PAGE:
It is generally accepted that if the UK had a method of stopping the EU exit process (triggered by notification under Article 50) it would strengthen the UK’s negotiating position however the wording of Article 50 is silent on the possibility for the UK to withdraw it’s notification to leave the EU once given.
The Government have chosen to believe that this means the UK cannot withdraw notification once given. However as the recent Gina Miller case showed, this Government’s grasp of the UK law is based more upon how they would wish the law to be rather than what it actually is. There is a test case about to go through the Irish Courts to establish if Article 50 notification can be revoked once given.
I believe that eventually, the ECJ will confirm that the UK can revoke Article 50 provided it can show that it is part of our constitutional arrangements. Indeed the House of Lords Select Committee on the Constitution in— The Invoking of Article 50 12th. Sept 2016 states that the “UK will particularly strengthen the legal position if they enact primary legislation to define how they will operate the Article 50 process and the UK will have a strong case to argue that any mechanisms enshrined with an Act of Parliament form our “constitutional requirements””.
And we now have Primary Legislation before the House – the Notification of Withdrawal Bill.
To make sense of this process the Notification of Withdrawal Bill needs to be amended to have two checkpoints:
Checkpoint 1 – during debate/committee stages of Notification of Withdrawal Bill
As part of the debate the Government should issue details of the proposed exit plan. The most obvious method of doing this would be to issue a White Paper.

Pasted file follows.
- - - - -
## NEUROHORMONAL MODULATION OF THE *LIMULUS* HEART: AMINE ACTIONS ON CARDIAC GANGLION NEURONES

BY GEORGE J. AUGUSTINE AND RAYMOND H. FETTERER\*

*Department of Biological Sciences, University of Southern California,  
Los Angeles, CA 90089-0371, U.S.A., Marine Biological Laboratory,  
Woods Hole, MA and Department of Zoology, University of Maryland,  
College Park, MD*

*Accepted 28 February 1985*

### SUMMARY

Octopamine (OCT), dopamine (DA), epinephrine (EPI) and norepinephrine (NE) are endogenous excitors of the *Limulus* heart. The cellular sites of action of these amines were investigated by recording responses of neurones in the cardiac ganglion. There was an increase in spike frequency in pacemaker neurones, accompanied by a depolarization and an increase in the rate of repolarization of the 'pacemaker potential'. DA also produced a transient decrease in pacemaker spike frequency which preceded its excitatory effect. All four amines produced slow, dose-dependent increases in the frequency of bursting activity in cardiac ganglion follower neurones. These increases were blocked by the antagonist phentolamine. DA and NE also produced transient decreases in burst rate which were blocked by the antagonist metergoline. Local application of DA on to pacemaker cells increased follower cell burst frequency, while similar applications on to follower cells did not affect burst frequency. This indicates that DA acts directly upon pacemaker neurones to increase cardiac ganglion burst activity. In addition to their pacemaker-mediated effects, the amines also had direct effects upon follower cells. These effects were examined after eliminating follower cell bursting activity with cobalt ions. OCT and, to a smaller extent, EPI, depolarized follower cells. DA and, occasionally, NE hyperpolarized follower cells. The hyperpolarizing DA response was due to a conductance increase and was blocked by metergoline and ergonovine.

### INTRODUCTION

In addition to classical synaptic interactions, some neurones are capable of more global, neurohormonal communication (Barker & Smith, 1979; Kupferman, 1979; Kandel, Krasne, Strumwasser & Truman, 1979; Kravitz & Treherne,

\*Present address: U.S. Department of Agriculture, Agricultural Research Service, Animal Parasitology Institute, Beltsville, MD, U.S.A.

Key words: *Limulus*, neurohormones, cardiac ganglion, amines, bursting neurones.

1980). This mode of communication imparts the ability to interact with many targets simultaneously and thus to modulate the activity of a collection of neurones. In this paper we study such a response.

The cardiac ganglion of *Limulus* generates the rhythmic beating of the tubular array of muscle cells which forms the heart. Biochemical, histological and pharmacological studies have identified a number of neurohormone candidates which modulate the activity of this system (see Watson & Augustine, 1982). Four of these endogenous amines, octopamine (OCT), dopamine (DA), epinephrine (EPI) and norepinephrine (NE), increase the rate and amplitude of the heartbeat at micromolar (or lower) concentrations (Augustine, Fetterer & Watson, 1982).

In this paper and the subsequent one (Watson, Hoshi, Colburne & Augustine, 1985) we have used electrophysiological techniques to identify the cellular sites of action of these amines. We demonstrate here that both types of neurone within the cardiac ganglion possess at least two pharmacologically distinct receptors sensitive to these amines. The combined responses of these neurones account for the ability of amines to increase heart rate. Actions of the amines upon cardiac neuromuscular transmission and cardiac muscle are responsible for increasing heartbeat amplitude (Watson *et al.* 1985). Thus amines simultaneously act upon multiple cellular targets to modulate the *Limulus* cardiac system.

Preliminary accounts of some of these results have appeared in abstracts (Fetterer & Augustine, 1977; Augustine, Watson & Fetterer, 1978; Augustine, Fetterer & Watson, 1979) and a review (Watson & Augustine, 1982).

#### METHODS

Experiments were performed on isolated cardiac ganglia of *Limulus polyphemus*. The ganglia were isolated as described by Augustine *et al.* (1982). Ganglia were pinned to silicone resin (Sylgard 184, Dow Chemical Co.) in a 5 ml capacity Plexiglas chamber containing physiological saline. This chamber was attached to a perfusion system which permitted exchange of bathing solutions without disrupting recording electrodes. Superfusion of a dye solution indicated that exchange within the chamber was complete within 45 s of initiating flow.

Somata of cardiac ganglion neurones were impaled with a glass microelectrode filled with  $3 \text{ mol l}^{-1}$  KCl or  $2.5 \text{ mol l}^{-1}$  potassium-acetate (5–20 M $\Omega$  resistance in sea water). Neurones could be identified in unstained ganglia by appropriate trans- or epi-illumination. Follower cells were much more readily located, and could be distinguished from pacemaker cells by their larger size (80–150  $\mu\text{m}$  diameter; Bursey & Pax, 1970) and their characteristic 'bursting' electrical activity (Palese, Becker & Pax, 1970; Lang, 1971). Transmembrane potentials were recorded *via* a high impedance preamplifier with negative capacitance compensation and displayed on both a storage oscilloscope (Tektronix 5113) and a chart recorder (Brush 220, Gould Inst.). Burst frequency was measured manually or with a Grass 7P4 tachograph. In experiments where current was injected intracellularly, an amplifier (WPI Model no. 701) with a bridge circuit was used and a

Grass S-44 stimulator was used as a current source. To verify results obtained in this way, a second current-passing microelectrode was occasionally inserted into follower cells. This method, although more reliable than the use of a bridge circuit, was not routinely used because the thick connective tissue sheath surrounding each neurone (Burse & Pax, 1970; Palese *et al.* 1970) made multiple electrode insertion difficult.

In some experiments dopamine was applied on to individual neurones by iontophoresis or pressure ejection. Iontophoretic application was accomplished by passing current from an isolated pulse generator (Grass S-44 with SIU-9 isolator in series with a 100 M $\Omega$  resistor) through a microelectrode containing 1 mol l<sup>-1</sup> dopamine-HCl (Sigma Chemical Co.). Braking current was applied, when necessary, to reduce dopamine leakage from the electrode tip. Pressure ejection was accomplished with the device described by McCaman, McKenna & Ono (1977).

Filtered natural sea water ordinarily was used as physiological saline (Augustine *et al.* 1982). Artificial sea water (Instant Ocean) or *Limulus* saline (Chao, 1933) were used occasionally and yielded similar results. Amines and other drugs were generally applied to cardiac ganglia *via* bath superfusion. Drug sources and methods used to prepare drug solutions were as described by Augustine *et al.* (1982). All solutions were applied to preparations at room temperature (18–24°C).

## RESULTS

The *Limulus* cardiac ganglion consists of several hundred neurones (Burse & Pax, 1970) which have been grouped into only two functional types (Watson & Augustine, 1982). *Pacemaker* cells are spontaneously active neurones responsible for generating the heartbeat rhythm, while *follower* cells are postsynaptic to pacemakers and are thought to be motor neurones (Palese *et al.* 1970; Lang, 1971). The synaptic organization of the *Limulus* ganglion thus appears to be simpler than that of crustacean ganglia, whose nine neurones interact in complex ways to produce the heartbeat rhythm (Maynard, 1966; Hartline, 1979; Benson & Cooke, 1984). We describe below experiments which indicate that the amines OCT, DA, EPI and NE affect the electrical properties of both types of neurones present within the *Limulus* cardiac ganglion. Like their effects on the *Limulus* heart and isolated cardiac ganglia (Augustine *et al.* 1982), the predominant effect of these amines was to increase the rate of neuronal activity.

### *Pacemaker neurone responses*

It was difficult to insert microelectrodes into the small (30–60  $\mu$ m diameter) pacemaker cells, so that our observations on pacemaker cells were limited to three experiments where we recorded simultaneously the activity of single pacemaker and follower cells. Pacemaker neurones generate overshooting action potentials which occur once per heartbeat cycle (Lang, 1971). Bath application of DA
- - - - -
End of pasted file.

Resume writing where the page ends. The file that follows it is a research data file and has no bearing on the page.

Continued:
If there is no sensible deal possible then the process should end here and an expensive negotiations exercise is avoided.
It is there is the possibility of a sensible deal then Article 50 will be triggered and the negotiations will take place.
Checkpoint 2 – At the end of the negotiations
The Bill should specify that there will be a democratic decision taken whether to ratify the Exit deal or not. This might take the form of a Parliamentary vote, a further ratification referendum or in a General Election with the candidates in each constituency either supporting or opposing the deal on offer.
The UK may decide to continue with the exit terms negotiated and leave the EU.
Should the democratic decision of the UK be that the deal on offer is not in the UK’s best interests then the UK would be able to withdraw it’s notification and stop the withdrawal process.
Ratification by the UK
By providing for a democratic ratification process for the UK at the end of the negotiation process the UK will have the ability to stop and indeed step away from the withdrawal process should it be necessary.
As Sir David Edward told the House of Lords in May 2015** “It is absolutely clear that you cannot be forced to go through with it if you do not want to: for example, if there is a change of Government.” and the UK would remain in the EU.
*Richard Tunnicliffe discusses this in his blog site in an article Negotiation Brexit — Shades of Article 50 @howshouldwevote.
** The EU Committee of the House of Lords considered this question in its report on “the process of withdrawing from the European Union” published on 4th May.